Created by Jesse Armstrong
The HBO television series, Succession, is a sharply drawn, scathing portrait of a family that owns and operates a global media conglomerate. The 10-episode first season—six have aired so far—premiered in June and has been renewed for a second season.
Succession is the creation of British writer Jesse Armstrong, whose credits include Black Mirror (one episode), Veep, The Thick of It and In the Loop. Armstrong, actor/comedian Will Ferrell and Adam McKay (director of The Big Short ) serve as executive producers, along with Frank Rich (former New York Times columnist and Veep producer), among others.
At the center of Succession, set largely in New York City, is Logan Roy (Brian Cox), a tyrannical, 80-year-old patriarch and the head of Waystar Royco, a media behemoth that operates in some 50 countries.
Married to his third wife and wily champion, Marcia (Palestinian actress Hiam Abbass), Logan suffers a massive brain hemorrhage early on in the series. Taking him for dead, or, at least, brain-dead, his children begin vying for control of the empire.
The most likely successor is Kendall (Jeremy Strong), Logan’s eldest son from his second marriage. Next in line is Roman (Kieran Culkin), an irresponsible, self-centered jokester, as degenerate as he is quick-witted. Connor (Alan Ruck), Logan’s eldest son, and only child from his first marriage, is a “New Ager” now living in New Mexico, while Siobhan “Shiv” (Sarah Snook), Logan’s daughter and youngest child, is pursuing a career in Democratic Party politics.
Arriving on the family-corporate scene is cousin Greg (Nicholas Braun), an apparent dolt and grandson of Logan’s estranged brother Ewan (James Cromwell), currently residing in Canada. Though viewed by his cousins as a “rescue pup” or charity case, Greg catches the ambition bug as he works under the direction of Tom (Matthew Macfadyen), Shiv’s boyfriend and a senior executive at the firm. Frank (Peter Friedman) is the company’s Machiavellian Chief Operating Officer.
As the conspiring surges and the feuding rages among the siblings, Kendall acquires—at an exorbitant price—a digital media firm run by Lawrence (Rob Yang), who gloats: “You just invited me into the chicken coop. And without Daddy around to protect you, I’m gonna eat you all, one by f-----g one.”
In Episode 2 (Sh*t Show at the F**k Factory), Logan lies in a hospital bed. Connor, who considers himself a “UN White Helmet”-type in the succession struggle, muses bizarrely that his father “once talked to me about cryogenics … All the other billionaires are strolling around in new bodies, but not Dad, because we were too embarrassed to actually discuss it.”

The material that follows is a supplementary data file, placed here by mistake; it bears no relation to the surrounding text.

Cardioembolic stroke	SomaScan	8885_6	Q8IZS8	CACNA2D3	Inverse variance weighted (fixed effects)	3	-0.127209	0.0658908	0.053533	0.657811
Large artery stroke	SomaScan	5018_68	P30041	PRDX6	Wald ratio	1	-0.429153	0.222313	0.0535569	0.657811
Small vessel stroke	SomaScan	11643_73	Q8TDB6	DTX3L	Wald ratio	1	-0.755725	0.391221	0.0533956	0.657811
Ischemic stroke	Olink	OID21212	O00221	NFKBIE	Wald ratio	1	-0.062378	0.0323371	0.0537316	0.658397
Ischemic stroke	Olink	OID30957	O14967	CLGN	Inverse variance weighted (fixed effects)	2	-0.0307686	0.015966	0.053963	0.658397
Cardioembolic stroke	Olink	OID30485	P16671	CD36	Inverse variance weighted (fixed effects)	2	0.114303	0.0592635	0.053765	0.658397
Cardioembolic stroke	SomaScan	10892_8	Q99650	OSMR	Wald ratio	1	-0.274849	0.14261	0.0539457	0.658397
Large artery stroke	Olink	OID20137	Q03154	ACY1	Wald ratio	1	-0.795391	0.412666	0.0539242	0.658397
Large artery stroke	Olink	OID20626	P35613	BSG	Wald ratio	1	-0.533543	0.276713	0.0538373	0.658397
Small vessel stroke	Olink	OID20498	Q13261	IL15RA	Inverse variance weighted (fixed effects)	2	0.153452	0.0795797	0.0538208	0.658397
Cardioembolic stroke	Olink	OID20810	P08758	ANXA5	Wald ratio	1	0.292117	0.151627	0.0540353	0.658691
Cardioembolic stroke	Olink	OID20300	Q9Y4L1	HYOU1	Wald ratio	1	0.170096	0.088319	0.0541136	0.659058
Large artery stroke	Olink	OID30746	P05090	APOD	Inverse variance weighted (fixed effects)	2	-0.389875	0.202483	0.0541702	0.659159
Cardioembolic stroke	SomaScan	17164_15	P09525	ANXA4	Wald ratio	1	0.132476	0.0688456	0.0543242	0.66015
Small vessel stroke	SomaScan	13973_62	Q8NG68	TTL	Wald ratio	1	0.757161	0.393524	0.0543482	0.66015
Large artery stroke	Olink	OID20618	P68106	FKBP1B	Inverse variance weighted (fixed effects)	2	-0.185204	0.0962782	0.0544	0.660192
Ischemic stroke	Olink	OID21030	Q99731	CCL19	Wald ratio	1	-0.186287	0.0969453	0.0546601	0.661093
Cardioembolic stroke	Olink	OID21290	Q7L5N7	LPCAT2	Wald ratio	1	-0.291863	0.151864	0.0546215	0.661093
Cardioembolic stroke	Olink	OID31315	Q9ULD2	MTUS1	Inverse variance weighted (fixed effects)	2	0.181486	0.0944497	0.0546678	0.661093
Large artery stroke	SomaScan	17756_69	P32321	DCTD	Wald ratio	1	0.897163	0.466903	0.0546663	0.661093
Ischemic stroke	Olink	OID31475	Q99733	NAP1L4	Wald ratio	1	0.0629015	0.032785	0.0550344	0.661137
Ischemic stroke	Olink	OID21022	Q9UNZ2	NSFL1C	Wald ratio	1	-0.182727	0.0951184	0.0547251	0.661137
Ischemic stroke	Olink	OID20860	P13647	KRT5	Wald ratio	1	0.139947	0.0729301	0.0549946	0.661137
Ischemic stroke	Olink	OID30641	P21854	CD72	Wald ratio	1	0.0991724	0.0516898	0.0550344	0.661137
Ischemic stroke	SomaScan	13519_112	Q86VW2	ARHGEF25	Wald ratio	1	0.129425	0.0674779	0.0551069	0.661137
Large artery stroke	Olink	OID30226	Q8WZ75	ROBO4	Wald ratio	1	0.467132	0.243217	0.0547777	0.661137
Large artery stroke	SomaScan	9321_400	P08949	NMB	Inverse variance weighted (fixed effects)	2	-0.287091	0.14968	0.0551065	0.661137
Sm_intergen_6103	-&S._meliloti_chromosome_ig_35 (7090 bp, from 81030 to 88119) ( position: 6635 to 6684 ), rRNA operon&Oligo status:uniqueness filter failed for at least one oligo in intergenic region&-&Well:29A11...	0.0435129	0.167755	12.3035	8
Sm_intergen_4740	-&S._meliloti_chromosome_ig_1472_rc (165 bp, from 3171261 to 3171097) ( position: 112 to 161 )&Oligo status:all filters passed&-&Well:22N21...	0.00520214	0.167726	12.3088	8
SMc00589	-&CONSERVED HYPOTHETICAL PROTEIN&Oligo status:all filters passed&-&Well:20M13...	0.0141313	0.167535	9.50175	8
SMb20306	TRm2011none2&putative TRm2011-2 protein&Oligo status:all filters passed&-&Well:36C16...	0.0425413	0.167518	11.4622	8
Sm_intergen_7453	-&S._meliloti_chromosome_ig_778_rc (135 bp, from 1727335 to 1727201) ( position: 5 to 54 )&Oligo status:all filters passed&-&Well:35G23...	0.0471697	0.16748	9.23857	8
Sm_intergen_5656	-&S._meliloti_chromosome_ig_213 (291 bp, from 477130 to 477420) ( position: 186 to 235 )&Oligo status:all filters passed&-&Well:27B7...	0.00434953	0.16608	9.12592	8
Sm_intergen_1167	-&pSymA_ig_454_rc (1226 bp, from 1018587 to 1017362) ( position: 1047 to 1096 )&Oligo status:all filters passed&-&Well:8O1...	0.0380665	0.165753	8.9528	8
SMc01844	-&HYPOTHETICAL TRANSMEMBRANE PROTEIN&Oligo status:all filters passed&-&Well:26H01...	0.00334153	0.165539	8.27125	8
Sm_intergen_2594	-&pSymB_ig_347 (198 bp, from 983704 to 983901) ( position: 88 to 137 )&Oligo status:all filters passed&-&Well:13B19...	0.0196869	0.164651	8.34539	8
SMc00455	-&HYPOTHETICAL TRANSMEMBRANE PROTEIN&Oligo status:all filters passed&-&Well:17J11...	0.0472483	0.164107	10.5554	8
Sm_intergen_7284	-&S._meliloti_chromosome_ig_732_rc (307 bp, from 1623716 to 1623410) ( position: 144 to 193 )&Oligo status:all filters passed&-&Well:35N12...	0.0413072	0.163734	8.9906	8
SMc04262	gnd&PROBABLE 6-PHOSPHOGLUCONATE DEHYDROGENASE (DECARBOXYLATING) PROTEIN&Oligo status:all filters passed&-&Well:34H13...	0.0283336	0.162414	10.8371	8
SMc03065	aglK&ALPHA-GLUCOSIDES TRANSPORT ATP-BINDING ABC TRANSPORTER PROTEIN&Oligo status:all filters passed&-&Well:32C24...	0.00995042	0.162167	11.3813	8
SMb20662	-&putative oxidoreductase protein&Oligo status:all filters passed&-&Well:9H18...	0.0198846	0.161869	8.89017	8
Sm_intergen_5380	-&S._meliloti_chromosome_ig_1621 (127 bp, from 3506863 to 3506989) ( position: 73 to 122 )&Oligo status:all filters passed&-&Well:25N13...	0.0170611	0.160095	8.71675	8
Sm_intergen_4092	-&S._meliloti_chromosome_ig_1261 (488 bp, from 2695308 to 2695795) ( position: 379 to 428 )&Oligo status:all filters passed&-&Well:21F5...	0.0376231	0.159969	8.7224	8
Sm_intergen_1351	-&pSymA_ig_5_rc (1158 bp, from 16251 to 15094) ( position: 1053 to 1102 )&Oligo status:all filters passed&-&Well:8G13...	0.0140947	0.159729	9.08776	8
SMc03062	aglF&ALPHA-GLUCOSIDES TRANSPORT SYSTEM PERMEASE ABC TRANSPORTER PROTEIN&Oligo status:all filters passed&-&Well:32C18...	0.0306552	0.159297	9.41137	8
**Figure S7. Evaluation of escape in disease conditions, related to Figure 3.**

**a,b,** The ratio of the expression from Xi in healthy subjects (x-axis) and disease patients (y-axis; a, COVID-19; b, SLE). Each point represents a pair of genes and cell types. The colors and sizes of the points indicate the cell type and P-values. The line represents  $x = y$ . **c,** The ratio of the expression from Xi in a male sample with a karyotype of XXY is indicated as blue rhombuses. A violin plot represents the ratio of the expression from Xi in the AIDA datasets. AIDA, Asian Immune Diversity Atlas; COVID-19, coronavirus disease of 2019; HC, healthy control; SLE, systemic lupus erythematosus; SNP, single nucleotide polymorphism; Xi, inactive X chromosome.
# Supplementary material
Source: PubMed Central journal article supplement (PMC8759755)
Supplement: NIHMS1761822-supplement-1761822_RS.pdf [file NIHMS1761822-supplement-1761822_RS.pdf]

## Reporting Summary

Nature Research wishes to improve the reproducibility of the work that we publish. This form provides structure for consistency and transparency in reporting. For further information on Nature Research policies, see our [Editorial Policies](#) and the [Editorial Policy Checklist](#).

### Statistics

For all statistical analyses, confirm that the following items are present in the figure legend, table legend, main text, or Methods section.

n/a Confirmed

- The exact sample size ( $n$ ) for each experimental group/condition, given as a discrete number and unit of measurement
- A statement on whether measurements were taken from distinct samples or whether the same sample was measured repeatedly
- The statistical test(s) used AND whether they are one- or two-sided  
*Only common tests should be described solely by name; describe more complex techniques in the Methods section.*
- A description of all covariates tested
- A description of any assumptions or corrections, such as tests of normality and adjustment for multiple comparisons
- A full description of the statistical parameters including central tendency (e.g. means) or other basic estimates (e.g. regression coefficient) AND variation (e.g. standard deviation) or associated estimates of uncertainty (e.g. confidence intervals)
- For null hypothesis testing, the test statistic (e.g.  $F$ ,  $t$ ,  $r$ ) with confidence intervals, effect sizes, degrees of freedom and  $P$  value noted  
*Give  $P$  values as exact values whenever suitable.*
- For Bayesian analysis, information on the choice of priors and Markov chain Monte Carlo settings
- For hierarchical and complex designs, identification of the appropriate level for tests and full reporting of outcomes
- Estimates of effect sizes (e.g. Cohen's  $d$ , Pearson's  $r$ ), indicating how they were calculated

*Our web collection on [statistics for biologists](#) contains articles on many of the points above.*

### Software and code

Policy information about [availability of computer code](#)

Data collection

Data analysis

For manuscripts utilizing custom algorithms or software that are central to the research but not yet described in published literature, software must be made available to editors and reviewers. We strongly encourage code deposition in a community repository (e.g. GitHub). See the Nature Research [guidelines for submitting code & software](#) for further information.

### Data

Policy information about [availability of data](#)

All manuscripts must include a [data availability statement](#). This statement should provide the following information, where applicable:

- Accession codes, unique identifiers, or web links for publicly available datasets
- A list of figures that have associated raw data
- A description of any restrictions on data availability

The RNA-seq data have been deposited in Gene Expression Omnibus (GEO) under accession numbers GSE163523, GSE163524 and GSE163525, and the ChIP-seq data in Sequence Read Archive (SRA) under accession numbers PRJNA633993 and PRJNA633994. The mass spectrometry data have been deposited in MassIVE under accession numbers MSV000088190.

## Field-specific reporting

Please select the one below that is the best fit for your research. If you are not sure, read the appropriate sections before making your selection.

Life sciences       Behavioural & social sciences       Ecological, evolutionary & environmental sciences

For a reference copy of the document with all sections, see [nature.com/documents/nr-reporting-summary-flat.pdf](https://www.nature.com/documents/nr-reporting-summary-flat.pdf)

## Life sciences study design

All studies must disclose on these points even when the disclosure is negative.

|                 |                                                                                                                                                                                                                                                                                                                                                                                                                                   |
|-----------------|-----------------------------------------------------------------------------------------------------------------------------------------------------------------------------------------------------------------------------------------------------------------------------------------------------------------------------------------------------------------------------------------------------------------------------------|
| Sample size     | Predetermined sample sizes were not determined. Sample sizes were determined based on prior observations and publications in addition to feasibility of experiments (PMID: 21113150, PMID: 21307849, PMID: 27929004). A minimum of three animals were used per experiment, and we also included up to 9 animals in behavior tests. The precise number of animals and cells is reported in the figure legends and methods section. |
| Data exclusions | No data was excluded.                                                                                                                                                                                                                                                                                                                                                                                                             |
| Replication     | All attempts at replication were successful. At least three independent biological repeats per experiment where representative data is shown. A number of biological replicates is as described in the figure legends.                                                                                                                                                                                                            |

In an effort to stabilize Waystar’s plummeting stock price, Kendall schemes to take the reins and “control the narrative,” while the others are in favor of a more nonaligned CEO. General counsel Gerri (J. Smith-Cameron), not inclined herself to take a “job that makes your brain explode,” stuns Kendall with the information that Logan has strapped Waystar with over three billion dollars in debt.
Kendall tries unsuccessfully to negotiate with one of the banks in question, whom he accuses of extortion and “buzz-saw castration.” Faced with “total corporate collapse,” he rallies the employees to brainstorm his “Strategy of a Thousand Lifeboats,” imploring them to activate their “armada of eyeballs.” Meanwhile, Shiv enlists the help of an old flame to investigate Marcia, who Kendall and Roman view as a “power-hungry maniac.” Kendall makes a deal with a private equity huckster, Stewy (Arian Moayed), described as chiseling his profits “like a vampire locust.”
Upon hearing that Logan, now semi-recovered, is planning to address Waystar’s charity ball, dubbed the “Sad Sack Wasp Trap,” Kendall, who was originally slated to speak, is concerned—and jealous: “What if he falls asleep in his soup? What if he starts shouting racist comments? ... When he opens his mouth, anything could come out. Drool, anti-Semitism, a f-----g string of silk handkerchiefs tied together.” But Logan comes on strong, telling the audience, that includes Stewy—“the little schmuck who owns such a big chunk of me”—that he is not retiring.
Increasingly desperate, Kendall sets about organizing a vote of no-confidence in his father. Meanwhile, Logan and his brother Ewan face off at a Thanksgiving dinner, during which the former accuses the latter of being a “carnival barker for all the wars we really didn’t need,” such as Vietnam: “Viet Cong come up your drainpipe in Ottawa, did they?” To which Ewan replies, “This whole family is a nest of vipers.” Proving the point, Tom sends Greg to the office to shred documents related to Waystar’s criminal behavior. The resentful Greg keeps some for future leverage.
In Episode 6, entitled “Which Side Are You On?” (the famed 1931 coal miners’ union ballad plays during the closing credits), Kendall pleads his case with the Waystar Royco board members: “[Logan] is currently unfit to run this company … He took on levels of debt that threatened the very existence of our firm, he is lining up dead-weight acquisitions in a sector that he has a historic regard for, but which is a non-growth area.
“We face existential battles in scale, and he is facing precisely the wrong direction. He is making decisions for a future that he no longer understands, and we don’t have time for missteps … Our entire ice cap will melt. He is gambling our last dollars at the track on a horse that’s ready for the glue factory, and I am calling for a vote of no confidence in him as CEO and chairman.”